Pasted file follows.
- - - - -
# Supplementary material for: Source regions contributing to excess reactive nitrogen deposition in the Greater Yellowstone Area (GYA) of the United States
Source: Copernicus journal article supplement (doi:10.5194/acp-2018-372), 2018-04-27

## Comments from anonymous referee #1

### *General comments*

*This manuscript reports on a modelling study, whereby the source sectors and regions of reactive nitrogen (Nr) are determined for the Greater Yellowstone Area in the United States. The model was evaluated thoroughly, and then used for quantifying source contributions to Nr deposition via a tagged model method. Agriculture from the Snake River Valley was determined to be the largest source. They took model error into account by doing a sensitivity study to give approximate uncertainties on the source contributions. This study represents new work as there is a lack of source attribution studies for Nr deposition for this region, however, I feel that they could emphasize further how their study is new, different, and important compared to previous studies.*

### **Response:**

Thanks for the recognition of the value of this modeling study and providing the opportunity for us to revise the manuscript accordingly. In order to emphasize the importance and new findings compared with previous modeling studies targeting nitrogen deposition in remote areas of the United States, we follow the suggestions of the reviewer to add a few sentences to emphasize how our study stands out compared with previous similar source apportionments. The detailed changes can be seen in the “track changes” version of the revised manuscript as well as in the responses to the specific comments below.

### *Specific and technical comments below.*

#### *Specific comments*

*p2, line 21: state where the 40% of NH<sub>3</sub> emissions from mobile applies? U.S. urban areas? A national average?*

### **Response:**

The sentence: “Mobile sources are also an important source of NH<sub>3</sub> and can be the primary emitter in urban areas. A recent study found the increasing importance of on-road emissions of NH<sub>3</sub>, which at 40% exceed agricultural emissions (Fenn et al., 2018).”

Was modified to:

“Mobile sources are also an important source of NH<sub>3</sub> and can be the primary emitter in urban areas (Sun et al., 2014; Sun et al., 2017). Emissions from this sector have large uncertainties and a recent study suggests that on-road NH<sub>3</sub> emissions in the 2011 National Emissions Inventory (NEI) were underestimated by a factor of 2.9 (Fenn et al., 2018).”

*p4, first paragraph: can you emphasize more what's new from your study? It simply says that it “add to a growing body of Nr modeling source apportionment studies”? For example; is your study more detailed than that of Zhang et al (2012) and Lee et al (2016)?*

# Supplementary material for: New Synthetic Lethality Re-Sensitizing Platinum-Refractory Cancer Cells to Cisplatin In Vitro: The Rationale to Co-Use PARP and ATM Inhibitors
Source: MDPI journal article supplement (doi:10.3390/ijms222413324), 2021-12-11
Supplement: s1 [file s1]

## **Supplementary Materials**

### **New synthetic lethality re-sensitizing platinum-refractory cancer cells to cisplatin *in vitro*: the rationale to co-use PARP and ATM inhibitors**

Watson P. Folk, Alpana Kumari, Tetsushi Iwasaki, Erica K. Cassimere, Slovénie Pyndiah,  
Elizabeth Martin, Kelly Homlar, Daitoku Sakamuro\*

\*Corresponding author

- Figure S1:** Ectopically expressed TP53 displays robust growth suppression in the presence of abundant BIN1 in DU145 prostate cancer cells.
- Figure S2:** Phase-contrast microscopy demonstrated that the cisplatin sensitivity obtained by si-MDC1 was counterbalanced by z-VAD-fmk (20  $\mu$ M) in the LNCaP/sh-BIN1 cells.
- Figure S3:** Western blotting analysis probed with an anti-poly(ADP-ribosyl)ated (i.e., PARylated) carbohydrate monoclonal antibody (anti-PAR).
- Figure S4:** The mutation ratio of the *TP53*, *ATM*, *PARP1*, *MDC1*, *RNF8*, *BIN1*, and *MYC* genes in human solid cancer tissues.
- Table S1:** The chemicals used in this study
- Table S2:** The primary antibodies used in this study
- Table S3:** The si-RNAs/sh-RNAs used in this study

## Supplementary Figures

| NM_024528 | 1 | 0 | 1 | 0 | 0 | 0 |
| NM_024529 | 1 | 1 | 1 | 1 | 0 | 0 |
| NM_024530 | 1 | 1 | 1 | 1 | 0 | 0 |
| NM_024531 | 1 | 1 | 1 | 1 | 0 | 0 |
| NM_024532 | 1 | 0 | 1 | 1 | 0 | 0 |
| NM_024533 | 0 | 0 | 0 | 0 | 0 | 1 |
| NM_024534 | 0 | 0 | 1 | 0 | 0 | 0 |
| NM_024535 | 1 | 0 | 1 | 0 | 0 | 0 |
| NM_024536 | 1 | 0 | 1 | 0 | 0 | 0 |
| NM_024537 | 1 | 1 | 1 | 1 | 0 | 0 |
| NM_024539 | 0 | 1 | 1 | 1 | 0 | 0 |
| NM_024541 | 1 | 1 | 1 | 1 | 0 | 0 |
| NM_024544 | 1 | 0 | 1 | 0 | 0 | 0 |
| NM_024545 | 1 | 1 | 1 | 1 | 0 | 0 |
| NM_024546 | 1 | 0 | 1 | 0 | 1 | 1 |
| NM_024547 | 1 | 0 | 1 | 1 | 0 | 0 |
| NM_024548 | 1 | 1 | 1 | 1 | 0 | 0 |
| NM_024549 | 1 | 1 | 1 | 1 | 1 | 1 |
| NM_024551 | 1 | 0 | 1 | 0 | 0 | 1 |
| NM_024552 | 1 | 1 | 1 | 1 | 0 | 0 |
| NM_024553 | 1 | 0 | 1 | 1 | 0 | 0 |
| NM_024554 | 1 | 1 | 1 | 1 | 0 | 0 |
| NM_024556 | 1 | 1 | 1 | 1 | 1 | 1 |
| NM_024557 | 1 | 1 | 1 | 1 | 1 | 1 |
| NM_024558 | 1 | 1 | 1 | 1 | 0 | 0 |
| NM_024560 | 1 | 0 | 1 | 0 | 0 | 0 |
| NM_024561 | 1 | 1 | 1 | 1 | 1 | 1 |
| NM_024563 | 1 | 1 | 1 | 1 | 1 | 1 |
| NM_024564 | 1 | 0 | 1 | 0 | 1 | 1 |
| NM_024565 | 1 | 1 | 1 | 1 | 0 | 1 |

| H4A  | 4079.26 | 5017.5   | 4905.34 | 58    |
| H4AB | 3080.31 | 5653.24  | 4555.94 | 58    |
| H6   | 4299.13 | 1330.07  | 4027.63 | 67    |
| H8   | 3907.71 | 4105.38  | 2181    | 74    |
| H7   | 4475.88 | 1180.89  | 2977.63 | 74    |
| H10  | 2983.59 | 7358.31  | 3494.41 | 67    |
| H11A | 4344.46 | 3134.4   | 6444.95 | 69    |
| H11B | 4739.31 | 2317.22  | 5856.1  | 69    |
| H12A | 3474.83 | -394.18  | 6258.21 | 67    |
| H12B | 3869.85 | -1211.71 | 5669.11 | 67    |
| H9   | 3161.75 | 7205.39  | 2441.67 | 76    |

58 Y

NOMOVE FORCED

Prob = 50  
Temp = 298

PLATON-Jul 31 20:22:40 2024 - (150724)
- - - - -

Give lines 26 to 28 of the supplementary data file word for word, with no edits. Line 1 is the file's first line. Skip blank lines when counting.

- Figure S3:** Western blotting analysis probed with an anti-poly(ADP-ribosyl)ated (i.e., PARylated) carbohydrate monoclonal antibody (anti-PAR).
- Figure S4:** The mutation ratio of the *TP53*, *ATM*, *PARP1*, *MDC1*, *RNF8*, *BIN1*, and *MYC* genes in human solid cancer tissues.
- Table S1:** The chemicals used in this study